April, 2019 Brussels – Higher education institutions face a wide range of challenges and opportunities, most significant associated with shifting perspectives of knowledge itself and the changing role and responsibility of the universities in the society. At the same time a series of worrying phenomena like anti-refugees movements, increasing power of far-right parties, widely spread fake news remind the importance of education in preparing citizens of the future. On the 29th of April EURASHE gathered together higher education community at the Afternoon Debate “Higher Education in Europe: Play to Win” to discuss these emerging issues and search for the possible answers of what should be a future role of higher education in Europe.
The Debate, which was organized in collaboration with European Parliament Campaign #ThisTimeImVoting addressed a diverse role of Higher education. The first keynote speaker, Stephane Lauwick, President of EURASHE reminded that higher education plays an essential role in the promotion of the core values of the European Union such as democratic participation, the promotion of human rights, the rule of law. He said: ’We know that our higher education mission is not just to equip learners with knowledge, understanding and skills, or even competences for the labour market; our mission is about transforming the learner into a citizen ready and eager to participate actively in society. We claim that our brand of Higher education, more than any other, finds its roots in the promotion of diversity and being the agents of change.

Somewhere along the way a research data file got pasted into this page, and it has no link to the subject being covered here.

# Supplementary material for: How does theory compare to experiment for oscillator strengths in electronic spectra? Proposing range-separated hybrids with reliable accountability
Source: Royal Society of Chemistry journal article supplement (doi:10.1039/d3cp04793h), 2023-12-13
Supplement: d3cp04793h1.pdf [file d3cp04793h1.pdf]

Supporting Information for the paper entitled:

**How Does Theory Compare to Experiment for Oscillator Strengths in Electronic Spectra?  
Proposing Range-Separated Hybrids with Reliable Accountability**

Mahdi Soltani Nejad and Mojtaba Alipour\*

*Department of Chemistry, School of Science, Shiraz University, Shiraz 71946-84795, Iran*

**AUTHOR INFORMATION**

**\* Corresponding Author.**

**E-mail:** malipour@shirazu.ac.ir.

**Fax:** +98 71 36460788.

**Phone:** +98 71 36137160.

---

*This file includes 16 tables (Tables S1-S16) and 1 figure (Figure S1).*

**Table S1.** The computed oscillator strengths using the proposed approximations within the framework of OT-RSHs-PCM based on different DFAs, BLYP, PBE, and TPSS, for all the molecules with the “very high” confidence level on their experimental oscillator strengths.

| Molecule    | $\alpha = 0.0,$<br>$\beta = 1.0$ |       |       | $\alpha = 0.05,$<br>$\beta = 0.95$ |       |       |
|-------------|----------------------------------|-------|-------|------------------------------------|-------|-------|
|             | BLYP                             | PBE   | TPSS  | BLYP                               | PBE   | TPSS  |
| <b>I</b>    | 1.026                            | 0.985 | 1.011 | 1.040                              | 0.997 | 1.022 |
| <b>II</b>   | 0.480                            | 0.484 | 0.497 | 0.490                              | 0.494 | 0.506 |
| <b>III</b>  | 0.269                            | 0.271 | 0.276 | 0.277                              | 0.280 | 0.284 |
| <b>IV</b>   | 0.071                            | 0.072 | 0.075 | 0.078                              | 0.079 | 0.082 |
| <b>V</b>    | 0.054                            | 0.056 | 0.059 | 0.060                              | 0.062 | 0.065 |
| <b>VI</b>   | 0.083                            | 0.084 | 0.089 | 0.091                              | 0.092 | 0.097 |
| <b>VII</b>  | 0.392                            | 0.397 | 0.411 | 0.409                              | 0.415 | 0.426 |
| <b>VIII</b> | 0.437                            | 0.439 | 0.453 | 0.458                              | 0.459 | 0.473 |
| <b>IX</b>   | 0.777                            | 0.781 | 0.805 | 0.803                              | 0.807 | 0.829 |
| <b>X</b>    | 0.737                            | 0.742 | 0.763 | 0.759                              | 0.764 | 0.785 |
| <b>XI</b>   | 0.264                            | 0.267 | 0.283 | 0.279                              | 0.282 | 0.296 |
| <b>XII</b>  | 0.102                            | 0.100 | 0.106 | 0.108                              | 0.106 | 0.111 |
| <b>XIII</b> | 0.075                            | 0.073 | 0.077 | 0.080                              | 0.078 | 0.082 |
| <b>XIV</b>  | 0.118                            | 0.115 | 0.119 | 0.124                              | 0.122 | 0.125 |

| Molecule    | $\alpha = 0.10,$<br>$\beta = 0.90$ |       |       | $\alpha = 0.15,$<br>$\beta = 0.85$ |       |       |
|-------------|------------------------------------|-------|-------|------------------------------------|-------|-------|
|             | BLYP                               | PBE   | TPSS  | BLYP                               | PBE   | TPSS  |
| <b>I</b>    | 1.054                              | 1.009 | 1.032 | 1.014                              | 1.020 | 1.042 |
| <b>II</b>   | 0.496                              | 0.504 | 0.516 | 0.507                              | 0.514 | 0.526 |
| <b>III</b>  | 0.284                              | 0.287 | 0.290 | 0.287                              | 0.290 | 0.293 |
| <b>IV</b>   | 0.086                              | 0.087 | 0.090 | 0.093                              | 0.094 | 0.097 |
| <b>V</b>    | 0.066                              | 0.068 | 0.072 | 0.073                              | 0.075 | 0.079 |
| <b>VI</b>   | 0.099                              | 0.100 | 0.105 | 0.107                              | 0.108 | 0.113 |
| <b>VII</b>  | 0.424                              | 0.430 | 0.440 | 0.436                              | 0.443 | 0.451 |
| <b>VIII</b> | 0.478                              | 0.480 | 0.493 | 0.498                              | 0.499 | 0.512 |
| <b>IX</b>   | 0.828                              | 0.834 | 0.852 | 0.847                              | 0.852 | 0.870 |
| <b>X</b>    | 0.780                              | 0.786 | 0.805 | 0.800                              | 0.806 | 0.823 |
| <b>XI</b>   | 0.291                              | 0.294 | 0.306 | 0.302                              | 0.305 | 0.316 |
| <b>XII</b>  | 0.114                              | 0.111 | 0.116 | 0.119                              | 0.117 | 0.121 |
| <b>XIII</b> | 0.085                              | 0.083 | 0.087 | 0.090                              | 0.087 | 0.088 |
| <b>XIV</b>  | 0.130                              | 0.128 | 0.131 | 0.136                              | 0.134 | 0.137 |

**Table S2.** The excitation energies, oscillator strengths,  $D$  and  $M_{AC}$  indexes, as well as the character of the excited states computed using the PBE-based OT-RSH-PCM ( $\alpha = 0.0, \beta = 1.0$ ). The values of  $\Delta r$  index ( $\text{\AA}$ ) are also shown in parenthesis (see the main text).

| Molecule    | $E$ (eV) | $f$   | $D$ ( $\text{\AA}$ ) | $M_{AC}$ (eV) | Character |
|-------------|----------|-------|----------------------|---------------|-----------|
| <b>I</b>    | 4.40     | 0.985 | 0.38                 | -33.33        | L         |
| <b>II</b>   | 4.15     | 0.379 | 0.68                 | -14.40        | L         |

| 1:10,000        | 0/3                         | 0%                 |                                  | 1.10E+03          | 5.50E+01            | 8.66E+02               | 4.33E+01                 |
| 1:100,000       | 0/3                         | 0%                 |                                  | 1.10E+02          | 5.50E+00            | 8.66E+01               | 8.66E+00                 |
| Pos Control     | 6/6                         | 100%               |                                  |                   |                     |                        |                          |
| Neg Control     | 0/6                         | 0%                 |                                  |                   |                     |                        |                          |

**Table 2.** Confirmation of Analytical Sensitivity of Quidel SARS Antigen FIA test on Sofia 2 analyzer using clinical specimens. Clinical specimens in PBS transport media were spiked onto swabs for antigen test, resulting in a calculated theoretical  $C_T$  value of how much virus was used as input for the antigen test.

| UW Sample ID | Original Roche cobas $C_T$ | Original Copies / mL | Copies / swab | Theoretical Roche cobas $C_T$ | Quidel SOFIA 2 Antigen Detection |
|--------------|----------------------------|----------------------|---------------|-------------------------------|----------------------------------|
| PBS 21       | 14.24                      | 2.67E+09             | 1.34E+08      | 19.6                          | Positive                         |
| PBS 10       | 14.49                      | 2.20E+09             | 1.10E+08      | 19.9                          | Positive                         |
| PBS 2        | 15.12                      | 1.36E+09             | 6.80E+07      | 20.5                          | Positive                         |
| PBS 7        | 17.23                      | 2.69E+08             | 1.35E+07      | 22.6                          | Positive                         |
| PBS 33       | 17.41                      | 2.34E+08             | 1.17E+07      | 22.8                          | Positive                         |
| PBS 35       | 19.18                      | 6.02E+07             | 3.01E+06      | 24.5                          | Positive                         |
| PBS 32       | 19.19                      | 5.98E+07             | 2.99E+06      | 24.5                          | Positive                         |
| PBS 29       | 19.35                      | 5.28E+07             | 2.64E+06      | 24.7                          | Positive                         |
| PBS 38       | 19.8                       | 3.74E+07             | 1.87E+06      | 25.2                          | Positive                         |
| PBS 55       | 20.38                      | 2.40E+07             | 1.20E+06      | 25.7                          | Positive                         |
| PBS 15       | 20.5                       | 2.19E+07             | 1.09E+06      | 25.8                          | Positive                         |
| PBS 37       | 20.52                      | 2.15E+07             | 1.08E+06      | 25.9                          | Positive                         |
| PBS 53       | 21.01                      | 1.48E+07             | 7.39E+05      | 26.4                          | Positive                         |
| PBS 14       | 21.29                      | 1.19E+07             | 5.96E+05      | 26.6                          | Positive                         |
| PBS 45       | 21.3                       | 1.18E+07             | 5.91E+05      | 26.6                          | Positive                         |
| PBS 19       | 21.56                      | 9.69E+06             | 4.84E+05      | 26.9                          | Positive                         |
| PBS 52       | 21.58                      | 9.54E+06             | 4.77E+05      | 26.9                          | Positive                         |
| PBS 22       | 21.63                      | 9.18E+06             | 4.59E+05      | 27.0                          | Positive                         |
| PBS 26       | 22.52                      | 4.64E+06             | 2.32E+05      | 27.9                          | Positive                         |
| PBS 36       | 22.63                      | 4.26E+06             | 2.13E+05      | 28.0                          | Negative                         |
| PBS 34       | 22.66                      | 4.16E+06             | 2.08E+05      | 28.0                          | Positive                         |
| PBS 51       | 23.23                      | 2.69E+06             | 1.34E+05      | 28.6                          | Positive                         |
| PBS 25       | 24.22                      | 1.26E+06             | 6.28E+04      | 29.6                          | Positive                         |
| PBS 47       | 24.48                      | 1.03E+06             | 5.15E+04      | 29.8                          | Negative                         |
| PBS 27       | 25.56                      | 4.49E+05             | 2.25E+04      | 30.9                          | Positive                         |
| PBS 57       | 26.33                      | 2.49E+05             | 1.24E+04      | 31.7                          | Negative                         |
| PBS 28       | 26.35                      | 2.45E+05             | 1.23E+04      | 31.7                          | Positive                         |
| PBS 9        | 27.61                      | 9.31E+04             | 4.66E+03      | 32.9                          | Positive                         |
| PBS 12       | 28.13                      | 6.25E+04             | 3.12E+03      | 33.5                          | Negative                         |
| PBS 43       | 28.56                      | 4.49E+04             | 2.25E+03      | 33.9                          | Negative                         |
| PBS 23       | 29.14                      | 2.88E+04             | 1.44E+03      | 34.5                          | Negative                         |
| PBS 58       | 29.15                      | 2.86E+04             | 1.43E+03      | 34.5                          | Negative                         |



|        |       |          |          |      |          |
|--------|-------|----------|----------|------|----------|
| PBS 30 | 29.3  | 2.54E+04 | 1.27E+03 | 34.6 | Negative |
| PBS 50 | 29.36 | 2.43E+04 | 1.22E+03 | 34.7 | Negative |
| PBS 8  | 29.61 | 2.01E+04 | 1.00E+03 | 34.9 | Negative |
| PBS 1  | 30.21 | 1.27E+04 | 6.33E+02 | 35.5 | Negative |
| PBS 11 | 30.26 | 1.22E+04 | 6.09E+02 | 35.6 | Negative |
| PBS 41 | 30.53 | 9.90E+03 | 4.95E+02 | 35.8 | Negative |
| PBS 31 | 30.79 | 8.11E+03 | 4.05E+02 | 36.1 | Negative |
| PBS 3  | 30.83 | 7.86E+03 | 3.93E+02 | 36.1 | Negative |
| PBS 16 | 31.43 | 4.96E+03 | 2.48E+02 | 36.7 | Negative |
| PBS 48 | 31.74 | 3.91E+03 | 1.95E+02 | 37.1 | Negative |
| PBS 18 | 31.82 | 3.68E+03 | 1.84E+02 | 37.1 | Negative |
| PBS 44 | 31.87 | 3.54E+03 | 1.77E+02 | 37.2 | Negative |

The new world 4.0 is upon us. Modern technology has started to upend the world as we know it. Many citizens in Europe and elsewhere are afraid: they see large quantities of the lesser qualified job positions being lost to the 4.0 revolution. We need a higher education strategy that creates democratic and inclusive society and embraces technology at the same time, according to Prof. Dr. Ulf-Daniel Ehlers, Professor, Duale Hochschule Baden-Württemberg, Karlsruhe.
‘Future learners need to choose a mission, not a major. In today’s society knowledge itself does not lead to indisciplinary problem solving but requires a good set of competences and flexibility to apply it’, – he added.
How to organise higher education better?
The keynote speeches were followed by a debate on the future of higher education in Europe moderated by Higher education expert Mr Peter van der Hijden. The discussion invited students’, businesses’ and higher education institutions’ representatives to elaborate on what are the skills needed in future and how to organise higher education better.
The panel participants agreed that higher education institutions play a crucial role in helping students to combine theoretical knowledge with practical experience and the future skills should be the ones which help us to transfer from one job to another.
Please find the photos of the Debate.
EURASHE is the European Association of Institutions in Higher Education that offer professionally orientated programmes and are engaged in applied research within the Bologna cycles. We represent more than 600 universities of applied sciences and university colleges, national and sectorial associations of higher education institutions, and other individual institutions, such as universities.
Mrs Dovile Sandaraite
Communications and Events officer, EURASHE